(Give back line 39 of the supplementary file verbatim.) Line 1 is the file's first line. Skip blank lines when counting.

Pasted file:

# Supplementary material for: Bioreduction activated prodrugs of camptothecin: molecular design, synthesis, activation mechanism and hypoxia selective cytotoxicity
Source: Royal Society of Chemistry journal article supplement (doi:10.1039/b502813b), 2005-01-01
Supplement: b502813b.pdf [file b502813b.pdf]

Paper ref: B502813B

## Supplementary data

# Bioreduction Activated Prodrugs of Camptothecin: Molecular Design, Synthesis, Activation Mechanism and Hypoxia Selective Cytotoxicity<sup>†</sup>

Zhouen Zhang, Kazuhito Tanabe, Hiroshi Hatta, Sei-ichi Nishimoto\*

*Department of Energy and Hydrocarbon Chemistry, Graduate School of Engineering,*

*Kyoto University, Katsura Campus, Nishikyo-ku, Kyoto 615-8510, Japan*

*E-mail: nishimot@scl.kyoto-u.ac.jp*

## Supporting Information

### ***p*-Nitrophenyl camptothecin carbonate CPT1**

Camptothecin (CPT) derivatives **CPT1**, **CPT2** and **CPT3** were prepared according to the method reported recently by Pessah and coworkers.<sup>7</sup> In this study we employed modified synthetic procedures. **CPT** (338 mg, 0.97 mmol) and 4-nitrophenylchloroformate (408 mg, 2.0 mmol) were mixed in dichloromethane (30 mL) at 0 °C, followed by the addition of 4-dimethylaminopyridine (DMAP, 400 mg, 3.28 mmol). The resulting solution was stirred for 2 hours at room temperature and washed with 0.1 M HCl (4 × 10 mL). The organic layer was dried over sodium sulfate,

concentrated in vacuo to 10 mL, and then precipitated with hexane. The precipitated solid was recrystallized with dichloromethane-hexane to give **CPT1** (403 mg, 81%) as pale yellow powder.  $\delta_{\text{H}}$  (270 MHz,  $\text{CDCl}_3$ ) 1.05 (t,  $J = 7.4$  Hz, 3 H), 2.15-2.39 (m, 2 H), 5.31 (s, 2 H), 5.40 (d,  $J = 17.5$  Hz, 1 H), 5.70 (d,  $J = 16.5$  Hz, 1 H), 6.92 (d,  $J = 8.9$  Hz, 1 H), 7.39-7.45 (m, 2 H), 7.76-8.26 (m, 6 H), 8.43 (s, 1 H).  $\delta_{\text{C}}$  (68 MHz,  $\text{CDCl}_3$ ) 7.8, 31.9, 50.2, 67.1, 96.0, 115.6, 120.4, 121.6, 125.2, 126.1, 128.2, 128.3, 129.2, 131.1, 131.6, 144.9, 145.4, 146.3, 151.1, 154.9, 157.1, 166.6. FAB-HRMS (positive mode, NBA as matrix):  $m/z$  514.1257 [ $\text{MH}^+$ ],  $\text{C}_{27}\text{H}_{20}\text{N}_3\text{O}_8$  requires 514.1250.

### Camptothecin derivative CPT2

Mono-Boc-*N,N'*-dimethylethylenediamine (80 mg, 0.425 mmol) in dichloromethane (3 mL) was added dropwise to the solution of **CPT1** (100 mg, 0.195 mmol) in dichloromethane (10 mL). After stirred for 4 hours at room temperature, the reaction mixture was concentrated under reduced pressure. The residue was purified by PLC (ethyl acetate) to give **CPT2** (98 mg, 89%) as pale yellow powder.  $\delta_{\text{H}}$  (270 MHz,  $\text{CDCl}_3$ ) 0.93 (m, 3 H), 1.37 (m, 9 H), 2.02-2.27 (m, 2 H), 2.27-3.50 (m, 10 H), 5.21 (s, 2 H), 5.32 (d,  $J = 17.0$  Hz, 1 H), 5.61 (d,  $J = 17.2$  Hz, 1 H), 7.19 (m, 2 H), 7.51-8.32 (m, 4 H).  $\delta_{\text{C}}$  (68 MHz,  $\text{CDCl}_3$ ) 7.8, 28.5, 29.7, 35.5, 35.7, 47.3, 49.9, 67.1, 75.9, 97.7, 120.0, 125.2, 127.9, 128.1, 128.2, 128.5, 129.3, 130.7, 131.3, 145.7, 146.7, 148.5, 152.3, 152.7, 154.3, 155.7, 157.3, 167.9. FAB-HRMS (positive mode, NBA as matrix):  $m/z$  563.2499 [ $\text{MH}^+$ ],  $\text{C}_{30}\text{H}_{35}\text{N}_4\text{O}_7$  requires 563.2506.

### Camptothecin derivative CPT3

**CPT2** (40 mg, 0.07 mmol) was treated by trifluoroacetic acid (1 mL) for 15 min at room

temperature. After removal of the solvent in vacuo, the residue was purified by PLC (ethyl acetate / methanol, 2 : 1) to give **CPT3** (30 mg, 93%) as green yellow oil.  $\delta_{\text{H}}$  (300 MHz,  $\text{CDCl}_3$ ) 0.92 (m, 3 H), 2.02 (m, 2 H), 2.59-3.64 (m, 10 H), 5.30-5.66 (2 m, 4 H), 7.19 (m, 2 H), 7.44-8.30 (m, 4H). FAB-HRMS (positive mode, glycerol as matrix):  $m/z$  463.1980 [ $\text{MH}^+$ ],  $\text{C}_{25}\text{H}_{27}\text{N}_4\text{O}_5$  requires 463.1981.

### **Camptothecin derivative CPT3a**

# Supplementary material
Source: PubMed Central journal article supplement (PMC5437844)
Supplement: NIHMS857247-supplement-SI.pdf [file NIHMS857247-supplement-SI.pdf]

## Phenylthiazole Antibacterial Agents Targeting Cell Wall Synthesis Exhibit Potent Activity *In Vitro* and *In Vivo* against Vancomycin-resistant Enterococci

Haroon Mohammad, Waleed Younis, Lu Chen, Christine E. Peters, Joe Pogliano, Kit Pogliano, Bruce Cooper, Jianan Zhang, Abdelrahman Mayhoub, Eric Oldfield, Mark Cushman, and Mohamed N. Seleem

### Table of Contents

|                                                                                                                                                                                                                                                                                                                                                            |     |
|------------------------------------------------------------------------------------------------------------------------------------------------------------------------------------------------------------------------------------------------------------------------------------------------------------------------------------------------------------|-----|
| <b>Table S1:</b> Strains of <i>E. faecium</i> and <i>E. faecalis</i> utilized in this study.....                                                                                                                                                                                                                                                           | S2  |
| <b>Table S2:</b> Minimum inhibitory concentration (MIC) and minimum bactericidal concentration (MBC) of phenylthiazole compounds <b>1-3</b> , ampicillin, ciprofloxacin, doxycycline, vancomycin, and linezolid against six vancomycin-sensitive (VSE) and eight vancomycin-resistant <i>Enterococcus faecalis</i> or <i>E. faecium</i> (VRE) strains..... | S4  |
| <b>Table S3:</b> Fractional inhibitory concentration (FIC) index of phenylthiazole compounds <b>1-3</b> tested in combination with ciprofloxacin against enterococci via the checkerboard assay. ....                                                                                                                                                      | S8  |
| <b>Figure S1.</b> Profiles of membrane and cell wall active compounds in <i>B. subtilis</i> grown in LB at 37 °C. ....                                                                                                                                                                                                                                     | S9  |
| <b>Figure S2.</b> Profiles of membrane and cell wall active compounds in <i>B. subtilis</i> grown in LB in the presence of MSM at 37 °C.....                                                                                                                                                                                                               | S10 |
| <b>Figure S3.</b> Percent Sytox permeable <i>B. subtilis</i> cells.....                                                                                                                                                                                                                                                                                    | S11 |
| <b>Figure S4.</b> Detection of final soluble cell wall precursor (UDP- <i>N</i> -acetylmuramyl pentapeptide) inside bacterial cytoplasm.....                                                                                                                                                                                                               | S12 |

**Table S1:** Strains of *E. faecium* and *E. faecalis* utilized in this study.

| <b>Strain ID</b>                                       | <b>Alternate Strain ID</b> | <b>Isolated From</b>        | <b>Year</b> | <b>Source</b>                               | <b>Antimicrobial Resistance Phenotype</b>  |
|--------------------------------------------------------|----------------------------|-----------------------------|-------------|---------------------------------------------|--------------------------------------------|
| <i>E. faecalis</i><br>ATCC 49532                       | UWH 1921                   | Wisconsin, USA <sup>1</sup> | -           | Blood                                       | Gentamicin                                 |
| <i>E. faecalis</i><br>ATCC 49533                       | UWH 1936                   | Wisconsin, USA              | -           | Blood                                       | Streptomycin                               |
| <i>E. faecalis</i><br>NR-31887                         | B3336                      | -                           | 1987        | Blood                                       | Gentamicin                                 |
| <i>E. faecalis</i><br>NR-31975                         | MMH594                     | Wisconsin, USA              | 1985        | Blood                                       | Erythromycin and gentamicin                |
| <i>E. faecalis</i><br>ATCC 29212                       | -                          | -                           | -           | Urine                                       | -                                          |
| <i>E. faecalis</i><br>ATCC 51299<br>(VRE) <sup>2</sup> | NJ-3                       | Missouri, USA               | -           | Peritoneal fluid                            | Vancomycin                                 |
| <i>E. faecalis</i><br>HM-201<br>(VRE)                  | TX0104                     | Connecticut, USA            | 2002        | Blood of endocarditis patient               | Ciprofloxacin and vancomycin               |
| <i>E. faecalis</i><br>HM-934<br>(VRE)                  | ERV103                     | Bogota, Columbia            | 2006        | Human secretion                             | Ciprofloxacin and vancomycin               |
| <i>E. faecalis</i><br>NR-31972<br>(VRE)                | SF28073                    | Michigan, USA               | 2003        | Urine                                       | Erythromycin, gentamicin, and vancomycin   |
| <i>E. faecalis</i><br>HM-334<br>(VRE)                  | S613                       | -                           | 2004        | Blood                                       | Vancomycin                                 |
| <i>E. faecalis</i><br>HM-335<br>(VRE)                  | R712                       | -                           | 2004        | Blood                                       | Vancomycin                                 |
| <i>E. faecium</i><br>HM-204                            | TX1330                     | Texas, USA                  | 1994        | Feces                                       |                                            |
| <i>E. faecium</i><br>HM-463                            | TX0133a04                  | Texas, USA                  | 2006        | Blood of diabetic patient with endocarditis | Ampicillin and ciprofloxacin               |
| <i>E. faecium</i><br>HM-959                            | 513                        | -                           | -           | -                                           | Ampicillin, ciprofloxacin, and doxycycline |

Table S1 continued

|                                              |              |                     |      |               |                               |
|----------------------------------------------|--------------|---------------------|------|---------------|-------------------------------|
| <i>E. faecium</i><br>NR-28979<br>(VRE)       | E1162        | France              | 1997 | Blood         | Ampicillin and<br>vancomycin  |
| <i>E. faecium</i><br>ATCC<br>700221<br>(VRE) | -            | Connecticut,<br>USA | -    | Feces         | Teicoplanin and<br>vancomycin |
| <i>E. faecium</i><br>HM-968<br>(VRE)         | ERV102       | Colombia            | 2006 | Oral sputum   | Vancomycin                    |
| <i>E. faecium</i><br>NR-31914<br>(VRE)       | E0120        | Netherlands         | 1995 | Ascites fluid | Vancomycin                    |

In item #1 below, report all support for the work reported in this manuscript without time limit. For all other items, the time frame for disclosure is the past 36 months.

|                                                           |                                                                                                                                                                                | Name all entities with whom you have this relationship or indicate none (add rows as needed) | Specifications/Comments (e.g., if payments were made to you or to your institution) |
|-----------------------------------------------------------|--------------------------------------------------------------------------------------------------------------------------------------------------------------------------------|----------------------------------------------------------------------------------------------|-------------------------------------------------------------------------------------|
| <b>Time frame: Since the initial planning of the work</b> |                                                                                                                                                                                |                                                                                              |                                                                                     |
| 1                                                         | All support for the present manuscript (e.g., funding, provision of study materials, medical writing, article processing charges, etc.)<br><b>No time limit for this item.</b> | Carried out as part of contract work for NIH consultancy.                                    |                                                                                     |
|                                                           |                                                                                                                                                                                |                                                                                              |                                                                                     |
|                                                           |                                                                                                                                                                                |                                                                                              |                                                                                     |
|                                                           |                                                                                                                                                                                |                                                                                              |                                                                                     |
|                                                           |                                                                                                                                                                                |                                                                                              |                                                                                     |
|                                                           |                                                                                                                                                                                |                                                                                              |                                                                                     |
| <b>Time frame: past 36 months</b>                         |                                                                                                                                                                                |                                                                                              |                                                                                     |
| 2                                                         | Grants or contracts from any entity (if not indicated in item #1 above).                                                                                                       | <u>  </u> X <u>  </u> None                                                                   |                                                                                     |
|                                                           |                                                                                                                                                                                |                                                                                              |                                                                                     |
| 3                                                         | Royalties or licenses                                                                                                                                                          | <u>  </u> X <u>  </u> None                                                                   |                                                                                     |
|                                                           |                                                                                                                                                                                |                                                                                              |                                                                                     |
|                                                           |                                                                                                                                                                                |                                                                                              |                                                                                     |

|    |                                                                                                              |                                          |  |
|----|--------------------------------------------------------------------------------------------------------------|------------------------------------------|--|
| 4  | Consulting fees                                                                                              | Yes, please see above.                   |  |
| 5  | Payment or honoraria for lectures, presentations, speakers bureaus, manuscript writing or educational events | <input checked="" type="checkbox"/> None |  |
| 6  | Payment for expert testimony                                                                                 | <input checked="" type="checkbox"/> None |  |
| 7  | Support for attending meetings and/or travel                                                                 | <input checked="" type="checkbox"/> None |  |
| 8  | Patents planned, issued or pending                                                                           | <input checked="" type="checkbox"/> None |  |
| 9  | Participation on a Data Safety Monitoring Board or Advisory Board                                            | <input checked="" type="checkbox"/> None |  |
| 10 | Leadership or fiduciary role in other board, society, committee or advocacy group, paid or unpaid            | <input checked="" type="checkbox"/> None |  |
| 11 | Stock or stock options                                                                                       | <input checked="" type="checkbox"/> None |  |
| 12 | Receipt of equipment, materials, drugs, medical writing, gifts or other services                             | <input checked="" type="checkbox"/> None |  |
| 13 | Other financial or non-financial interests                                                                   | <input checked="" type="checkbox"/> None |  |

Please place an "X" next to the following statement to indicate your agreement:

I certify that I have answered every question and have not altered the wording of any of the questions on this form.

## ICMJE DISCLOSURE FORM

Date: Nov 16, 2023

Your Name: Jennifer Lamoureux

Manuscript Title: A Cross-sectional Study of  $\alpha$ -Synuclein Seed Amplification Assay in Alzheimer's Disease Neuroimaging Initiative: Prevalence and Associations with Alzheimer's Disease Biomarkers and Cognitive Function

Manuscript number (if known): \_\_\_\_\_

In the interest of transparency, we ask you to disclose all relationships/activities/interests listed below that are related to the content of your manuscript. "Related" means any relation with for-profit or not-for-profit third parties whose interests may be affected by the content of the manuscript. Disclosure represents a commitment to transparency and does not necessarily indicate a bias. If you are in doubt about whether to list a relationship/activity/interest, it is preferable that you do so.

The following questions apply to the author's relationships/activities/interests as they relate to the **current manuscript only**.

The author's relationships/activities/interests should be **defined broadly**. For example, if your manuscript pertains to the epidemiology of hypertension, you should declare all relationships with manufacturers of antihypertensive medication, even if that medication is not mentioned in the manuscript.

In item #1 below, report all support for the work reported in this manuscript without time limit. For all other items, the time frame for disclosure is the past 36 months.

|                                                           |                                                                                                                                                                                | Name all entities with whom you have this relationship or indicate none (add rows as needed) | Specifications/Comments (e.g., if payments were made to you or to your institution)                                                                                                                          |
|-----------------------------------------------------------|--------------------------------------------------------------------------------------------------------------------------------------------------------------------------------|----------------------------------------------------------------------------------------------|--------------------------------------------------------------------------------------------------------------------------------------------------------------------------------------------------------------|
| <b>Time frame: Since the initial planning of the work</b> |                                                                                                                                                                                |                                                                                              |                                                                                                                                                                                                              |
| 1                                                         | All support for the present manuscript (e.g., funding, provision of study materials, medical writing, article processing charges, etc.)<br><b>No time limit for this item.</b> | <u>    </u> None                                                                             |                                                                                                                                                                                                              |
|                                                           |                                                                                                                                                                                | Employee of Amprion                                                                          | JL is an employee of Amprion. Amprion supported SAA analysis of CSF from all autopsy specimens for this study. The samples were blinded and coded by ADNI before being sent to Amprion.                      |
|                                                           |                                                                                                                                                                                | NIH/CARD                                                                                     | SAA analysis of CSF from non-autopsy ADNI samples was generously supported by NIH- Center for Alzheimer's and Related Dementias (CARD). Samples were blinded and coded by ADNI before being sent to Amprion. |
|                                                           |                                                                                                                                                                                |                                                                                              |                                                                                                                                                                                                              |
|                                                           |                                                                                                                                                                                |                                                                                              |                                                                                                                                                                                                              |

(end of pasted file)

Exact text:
| <i>E. faecalis</i><br>ATCC 49532                       | UWH 1921                   | Wisconsin, USA <sup>1</sup> | -           | Blood                                       | Gentamicin                                 |